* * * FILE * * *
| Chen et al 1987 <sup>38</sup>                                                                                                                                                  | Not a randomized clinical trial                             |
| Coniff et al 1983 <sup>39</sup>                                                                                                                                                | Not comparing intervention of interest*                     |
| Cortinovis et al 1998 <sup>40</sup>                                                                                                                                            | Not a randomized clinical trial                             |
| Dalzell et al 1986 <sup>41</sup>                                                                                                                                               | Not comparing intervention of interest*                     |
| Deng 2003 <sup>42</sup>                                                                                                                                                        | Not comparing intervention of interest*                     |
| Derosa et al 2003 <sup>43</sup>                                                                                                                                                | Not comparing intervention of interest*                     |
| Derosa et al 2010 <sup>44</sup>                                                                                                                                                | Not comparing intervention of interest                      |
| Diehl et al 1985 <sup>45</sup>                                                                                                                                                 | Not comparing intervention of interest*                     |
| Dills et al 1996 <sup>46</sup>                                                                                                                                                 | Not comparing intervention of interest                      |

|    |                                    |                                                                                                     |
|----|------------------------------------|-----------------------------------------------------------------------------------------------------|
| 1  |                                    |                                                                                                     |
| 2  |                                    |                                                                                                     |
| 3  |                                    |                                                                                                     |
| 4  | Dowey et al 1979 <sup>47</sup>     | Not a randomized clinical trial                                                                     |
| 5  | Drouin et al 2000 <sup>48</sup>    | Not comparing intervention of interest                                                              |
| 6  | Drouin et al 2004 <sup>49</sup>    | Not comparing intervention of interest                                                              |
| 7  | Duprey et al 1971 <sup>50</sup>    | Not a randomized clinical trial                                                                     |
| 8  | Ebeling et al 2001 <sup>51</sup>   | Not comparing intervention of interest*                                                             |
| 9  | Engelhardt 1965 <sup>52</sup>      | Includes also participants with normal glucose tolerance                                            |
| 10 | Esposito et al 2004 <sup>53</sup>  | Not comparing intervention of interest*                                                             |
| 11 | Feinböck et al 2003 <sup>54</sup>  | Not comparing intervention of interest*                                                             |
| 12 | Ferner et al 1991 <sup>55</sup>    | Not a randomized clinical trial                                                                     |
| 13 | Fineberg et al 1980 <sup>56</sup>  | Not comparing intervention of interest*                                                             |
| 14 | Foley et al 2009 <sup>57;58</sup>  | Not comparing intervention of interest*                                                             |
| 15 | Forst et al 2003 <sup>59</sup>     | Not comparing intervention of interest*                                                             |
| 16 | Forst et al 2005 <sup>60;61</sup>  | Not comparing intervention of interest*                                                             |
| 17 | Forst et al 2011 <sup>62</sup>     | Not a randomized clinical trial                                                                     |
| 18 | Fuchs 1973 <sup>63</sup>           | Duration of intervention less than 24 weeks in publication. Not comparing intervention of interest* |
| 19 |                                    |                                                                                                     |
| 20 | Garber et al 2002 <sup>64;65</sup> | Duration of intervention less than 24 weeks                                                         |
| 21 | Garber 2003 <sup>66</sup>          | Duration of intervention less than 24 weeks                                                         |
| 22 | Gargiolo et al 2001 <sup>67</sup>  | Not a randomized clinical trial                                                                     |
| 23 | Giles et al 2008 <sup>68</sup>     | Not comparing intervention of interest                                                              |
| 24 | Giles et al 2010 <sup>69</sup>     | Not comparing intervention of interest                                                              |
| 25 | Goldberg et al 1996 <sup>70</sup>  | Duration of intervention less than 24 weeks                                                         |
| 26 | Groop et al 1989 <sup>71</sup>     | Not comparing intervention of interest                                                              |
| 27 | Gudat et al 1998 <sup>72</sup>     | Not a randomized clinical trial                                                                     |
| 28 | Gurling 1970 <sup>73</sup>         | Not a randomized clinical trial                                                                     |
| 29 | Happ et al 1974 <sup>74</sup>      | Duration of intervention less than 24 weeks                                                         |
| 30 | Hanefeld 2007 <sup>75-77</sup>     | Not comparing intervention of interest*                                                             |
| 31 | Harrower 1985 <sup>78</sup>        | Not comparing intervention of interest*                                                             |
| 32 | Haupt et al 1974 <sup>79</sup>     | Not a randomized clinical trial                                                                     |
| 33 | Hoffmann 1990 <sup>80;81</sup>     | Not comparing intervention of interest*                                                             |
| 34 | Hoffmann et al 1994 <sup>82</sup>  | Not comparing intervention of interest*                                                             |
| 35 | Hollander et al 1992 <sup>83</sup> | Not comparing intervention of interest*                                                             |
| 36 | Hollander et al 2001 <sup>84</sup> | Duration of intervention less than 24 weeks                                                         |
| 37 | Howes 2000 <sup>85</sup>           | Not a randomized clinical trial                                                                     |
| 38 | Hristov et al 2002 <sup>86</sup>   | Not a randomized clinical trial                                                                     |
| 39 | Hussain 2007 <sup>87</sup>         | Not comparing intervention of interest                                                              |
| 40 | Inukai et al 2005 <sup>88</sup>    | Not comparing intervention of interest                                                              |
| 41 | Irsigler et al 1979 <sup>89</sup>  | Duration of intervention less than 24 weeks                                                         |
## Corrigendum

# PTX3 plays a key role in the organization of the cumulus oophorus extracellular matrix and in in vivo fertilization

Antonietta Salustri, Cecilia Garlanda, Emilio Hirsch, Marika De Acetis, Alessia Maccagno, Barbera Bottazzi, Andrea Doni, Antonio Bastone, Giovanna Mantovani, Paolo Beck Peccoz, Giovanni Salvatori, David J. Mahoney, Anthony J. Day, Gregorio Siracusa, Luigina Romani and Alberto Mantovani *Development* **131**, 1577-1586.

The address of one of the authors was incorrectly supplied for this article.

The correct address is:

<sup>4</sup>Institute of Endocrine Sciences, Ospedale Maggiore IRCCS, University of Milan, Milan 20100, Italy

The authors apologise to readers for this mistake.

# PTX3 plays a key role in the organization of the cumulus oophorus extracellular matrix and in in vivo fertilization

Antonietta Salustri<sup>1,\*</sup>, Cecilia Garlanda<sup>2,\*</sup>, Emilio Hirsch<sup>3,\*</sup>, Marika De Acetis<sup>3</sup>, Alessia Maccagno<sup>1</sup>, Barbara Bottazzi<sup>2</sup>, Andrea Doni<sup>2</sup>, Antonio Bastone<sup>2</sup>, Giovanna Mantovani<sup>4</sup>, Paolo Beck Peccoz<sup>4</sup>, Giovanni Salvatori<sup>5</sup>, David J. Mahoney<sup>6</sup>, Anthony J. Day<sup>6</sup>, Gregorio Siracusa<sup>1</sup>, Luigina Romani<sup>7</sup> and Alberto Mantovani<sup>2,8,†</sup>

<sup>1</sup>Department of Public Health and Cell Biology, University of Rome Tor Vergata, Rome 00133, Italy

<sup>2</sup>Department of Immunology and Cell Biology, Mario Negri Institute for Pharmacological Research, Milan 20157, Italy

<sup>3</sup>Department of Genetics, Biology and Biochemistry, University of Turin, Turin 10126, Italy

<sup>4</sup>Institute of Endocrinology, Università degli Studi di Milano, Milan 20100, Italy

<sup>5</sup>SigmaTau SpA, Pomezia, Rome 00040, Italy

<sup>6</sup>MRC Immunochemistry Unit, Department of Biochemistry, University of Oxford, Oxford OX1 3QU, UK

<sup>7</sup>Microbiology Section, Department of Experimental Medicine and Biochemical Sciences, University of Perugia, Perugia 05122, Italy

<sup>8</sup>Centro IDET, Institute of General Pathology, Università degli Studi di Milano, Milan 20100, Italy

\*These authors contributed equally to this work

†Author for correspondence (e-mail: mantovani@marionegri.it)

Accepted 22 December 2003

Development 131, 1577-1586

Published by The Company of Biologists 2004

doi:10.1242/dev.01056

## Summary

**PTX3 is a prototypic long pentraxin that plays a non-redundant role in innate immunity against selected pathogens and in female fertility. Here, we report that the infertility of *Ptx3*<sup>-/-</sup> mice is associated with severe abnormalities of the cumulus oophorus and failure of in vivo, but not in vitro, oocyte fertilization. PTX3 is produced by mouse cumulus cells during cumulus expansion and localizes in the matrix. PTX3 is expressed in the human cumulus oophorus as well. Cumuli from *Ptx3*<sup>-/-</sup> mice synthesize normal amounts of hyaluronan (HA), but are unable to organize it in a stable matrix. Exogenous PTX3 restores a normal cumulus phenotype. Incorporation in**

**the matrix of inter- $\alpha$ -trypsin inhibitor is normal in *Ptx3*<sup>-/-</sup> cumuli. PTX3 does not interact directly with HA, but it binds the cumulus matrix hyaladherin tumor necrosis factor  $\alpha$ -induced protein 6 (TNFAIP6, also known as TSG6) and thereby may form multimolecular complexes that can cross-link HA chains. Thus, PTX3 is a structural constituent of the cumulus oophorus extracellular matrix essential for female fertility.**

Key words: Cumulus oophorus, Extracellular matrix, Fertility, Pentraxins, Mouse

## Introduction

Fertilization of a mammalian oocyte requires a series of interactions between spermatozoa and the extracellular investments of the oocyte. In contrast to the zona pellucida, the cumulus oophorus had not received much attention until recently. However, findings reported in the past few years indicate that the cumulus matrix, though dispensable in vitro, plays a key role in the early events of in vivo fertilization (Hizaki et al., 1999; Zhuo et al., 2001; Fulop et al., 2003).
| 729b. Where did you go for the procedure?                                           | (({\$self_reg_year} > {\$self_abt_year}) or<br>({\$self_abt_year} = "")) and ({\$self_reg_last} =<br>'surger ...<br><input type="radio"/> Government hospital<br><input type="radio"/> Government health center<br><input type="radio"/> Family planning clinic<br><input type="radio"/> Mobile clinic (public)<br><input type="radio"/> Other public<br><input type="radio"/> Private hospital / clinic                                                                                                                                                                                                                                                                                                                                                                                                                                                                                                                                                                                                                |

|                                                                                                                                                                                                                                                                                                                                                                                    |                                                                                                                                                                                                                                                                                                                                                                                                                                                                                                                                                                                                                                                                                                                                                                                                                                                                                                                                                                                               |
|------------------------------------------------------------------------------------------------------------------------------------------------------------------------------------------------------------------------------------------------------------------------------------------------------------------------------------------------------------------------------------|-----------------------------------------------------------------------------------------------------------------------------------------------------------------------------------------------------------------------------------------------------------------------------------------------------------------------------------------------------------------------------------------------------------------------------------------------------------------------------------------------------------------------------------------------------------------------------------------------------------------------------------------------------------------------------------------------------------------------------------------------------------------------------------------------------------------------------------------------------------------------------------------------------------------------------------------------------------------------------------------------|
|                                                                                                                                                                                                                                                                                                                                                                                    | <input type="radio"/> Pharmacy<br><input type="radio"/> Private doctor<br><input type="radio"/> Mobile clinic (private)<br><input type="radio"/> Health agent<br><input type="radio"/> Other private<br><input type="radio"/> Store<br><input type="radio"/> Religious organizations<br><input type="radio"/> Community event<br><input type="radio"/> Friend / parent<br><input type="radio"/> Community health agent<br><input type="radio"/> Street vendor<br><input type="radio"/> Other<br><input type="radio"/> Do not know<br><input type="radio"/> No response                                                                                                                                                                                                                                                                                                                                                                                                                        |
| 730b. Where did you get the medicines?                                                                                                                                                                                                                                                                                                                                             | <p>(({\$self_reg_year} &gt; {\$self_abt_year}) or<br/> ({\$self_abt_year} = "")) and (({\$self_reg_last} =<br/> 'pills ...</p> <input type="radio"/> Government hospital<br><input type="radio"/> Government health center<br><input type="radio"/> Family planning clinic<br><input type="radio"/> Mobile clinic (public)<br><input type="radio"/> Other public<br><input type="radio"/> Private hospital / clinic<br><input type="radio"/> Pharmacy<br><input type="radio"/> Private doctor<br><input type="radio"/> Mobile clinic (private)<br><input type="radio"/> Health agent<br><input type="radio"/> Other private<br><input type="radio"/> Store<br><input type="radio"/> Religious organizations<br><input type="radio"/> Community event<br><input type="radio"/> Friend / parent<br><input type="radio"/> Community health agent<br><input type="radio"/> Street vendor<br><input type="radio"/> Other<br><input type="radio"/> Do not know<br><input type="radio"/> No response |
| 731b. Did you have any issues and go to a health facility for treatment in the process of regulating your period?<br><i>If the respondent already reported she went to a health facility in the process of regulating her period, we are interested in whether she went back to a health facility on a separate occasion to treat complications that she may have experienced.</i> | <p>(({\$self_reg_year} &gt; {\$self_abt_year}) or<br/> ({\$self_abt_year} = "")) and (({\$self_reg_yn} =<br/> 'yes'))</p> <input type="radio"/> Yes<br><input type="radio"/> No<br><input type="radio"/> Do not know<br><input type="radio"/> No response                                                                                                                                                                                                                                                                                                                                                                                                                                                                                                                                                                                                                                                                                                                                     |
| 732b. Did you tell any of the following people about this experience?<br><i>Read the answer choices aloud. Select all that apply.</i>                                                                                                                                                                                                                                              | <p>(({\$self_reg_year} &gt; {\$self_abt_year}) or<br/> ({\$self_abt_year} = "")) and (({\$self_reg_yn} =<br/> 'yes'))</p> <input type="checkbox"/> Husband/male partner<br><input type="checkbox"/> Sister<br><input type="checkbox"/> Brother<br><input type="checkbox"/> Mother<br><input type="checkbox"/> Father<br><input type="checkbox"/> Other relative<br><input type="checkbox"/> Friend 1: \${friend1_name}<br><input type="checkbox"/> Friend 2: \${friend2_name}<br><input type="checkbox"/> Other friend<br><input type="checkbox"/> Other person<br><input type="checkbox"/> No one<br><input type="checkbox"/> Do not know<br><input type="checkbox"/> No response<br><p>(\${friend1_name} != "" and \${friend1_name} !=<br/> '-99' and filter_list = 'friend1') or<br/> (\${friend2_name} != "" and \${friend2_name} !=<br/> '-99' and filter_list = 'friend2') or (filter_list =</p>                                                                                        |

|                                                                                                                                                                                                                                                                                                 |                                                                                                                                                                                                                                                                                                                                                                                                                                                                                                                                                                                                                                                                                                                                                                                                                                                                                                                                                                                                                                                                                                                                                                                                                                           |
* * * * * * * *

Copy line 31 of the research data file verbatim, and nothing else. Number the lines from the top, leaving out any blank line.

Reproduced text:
| 20 | Garber et al 2002 <sup>64;65</sup> | Duration of intervention less than 24 weeks                                                         |